It may not be possible in particular cases to clearly distinguish between contempt by defamation of the Houses and their members and contempt by intimidation of members.

Warrants of Committal

We do not consider it is necessary to adopt the recommendation concerning warrants of committal. In our view, if the Houses are to be trusted with the power to deal with contempts, as the draft report proposes, there is no point in inviting the High Court to rule on particular cases of contempt.

Expulsion of Members

In our view there is no justification for abolishing the powers of the Houses to expel members. The contention that the House of Representatives abused the power on one occasion is no reason for its abolition. It is irrational to say that the Houses can be trusted with their powers in relation to contempts but not with this power over their own members.

(Don Jessop) (Peter Rae)


Senator JESSOP —The Attorney-General (Senator Gareth Evans) mentioned the question of defamatory contempt. In the document which I have just incorporated Senator Rae and I drew attention to the following points:

We consider that it is unnecessary and undesirable to ''abolish'' the category of contempt by defamation. If this is to be done by resolutions of the Houses ( which would be logical, since the Committee has not recommended the transfer of the contempt jurisdiction to the courts), such resolutions would not be binding on the Houses in the future in any case. If it is to be done by statute, this would allow the courts to review virtually every contempt case, because most contempts hinge on publication in some form, and an action could be brought in the courts to establish that any contempt fell within the statutorily prohibited category. The Committee has already rejected such review by the courts elsewhere in the draft report.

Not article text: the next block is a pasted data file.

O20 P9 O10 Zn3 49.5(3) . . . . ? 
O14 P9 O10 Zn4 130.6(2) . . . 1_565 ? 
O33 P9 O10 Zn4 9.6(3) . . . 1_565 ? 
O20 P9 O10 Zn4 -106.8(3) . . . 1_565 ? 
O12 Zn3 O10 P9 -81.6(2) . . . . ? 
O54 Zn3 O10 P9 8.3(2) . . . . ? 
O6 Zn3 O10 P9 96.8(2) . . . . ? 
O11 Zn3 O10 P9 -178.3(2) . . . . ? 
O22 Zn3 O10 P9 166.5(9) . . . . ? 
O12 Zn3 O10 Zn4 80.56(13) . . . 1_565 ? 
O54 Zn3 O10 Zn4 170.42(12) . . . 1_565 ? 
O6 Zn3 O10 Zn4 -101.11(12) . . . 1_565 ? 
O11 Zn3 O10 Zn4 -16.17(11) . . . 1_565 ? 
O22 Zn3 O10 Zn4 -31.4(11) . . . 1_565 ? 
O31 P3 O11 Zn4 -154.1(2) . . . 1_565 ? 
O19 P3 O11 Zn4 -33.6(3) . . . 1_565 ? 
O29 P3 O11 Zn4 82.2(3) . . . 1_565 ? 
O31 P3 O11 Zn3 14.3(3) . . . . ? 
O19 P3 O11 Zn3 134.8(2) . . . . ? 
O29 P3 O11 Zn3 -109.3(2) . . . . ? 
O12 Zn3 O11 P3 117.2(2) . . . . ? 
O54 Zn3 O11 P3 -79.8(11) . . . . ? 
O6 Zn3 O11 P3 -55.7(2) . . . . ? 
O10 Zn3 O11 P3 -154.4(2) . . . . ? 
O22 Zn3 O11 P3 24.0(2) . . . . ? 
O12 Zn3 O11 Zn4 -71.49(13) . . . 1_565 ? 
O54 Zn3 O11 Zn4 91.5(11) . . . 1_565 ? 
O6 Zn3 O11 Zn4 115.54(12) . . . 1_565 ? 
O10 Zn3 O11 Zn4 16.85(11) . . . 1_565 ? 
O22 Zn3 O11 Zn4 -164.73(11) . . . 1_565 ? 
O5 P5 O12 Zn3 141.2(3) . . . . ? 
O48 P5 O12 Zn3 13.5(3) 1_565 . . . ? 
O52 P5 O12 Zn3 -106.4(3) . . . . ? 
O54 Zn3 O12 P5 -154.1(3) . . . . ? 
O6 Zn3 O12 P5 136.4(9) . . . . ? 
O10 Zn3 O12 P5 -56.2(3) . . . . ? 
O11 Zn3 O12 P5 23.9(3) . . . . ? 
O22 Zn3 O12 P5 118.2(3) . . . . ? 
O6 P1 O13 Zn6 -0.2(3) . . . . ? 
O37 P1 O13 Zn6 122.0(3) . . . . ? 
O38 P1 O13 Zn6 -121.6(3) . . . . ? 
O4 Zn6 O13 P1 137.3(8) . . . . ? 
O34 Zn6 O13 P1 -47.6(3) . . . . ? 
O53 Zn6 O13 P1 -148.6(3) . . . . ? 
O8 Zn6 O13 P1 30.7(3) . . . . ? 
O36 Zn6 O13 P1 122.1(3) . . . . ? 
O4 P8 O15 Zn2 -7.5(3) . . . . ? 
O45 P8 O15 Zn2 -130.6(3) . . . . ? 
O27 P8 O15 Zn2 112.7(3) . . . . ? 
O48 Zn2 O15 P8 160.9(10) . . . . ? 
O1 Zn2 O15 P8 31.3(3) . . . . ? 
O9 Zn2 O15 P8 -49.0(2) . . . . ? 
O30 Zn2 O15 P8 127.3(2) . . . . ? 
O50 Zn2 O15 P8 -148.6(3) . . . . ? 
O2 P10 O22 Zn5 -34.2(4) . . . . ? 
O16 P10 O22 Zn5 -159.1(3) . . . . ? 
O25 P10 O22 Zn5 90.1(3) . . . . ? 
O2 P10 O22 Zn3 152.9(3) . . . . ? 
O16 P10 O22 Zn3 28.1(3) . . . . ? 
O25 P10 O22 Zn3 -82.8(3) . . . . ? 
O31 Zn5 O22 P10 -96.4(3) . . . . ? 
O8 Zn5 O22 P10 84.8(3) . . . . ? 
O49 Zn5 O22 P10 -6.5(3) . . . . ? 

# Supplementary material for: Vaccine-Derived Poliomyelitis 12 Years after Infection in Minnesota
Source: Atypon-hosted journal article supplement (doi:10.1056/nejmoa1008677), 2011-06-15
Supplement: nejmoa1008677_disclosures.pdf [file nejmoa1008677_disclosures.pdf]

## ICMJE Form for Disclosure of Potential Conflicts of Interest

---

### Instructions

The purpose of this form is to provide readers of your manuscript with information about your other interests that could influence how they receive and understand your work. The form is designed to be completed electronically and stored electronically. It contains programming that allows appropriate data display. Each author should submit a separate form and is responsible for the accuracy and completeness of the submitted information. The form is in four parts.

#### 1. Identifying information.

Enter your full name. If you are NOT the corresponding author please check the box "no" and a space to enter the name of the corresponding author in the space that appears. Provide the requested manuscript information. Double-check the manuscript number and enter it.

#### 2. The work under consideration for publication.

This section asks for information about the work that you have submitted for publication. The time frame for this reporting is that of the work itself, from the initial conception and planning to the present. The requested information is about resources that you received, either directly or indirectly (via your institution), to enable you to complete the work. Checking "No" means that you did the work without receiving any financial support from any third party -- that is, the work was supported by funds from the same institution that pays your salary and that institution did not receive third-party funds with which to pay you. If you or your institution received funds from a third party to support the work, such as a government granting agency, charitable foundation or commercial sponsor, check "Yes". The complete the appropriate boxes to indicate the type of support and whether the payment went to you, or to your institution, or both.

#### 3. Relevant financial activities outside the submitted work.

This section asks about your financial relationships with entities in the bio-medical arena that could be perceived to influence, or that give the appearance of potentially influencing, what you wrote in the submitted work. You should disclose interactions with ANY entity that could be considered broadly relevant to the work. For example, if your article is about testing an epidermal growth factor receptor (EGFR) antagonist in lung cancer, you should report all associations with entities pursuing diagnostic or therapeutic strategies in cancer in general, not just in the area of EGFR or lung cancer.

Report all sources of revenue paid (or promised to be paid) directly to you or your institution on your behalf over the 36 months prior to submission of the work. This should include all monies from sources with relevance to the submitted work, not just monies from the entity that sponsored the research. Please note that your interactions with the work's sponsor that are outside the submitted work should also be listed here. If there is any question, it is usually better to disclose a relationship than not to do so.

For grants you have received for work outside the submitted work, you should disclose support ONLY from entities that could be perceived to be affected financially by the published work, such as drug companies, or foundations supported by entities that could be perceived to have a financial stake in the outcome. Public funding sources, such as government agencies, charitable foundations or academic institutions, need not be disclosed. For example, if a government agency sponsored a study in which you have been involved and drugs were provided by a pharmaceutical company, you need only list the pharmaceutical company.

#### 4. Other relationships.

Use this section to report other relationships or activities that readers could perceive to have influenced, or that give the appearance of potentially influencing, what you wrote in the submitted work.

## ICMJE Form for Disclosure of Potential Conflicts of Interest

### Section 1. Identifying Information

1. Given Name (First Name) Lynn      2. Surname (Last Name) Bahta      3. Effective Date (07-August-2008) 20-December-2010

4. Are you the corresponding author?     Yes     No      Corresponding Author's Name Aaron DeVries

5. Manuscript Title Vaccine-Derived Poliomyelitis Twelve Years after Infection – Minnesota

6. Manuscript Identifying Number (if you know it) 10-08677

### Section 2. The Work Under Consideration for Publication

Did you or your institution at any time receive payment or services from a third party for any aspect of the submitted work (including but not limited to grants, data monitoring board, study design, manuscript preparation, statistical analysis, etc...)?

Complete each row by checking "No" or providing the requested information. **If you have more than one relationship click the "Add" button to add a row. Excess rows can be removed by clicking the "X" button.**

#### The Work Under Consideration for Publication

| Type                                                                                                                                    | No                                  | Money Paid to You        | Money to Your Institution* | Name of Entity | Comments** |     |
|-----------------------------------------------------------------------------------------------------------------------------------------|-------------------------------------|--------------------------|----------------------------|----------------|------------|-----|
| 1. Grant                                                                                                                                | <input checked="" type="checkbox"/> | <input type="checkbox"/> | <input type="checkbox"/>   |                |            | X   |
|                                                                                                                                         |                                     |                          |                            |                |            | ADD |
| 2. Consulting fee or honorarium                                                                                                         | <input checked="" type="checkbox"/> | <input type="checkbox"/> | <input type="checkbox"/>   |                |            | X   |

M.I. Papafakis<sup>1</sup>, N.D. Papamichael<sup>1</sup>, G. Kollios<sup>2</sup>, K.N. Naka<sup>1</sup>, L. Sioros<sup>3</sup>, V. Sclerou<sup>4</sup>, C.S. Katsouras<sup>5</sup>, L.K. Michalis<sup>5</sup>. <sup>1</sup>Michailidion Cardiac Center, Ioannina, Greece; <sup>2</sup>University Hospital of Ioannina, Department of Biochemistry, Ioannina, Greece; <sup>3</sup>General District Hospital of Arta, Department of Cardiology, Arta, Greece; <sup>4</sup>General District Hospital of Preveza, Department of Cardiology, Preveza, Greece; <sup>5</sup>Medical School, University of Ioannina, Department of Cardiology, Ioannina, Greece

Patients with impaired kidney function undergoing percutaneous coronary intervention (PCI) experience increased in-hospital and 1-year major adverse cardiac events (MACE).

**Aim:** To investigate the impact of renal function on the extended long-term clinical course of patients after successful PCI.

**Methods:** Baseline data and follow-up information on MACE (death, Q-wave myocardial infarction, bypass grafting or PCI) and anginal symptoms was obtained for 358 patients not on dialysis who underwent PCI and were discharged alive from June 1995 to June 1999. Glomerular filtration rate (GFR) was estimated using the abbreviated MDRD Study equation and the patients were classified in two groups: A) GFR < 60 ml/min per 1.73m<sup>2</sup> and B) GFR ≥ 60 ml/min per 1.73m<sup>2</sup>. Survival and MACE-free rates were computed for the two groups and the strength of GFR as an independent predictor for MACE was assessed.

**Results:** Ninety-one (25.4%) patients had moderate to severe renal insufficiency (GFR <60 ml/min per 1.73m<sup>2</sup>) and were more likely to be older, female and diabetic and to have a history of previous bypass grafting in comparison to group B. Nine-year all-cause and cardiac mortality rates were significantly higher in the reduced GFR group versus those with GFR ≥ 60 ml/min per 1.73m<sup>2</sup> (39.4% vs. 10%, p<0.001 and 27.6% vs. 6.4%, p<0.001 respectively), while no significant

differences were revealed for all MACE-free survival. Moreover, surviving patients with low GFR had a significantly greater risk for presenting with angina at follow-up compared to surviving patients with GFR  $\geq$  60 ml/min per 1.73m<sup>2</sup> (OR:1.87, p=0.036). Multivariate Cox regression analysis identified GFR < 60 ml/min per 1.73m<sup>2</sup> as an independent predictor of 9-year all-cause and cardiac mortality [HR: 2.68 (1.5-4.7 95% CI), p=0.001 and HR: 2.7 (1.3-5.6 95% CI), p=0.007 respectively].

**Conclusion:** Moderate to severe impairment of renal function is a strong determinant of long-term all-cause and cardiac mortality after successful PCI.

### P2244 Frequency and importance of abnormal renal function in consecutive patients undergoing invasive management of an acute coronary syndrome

It may not be possible in particular cases to clearly distinguish between contempt by defamation of the Houses and their members and contempt by intimidation of members.

We went on to talk about warrants of committal and expulsion of members. Senator Evans mentioned the Laurie Oakes case. The House of Representatives Standing Committee on Privileges took umbrage at what was said by Laurie Oakes at that time. The Senate Standing Committee on Privileges, of which I was the Chairman, decided that it would not dignify the gentleman in any way and certainly would not want to bring him before the Senate Privileges Committee. I think the results prove that that exercise was futile in any case. I am very pleased with one aspect of the report which I think will be of quite considerable value to both the Houses of this Parliament, and that is in respect of proceedings in parliament. The report recommends: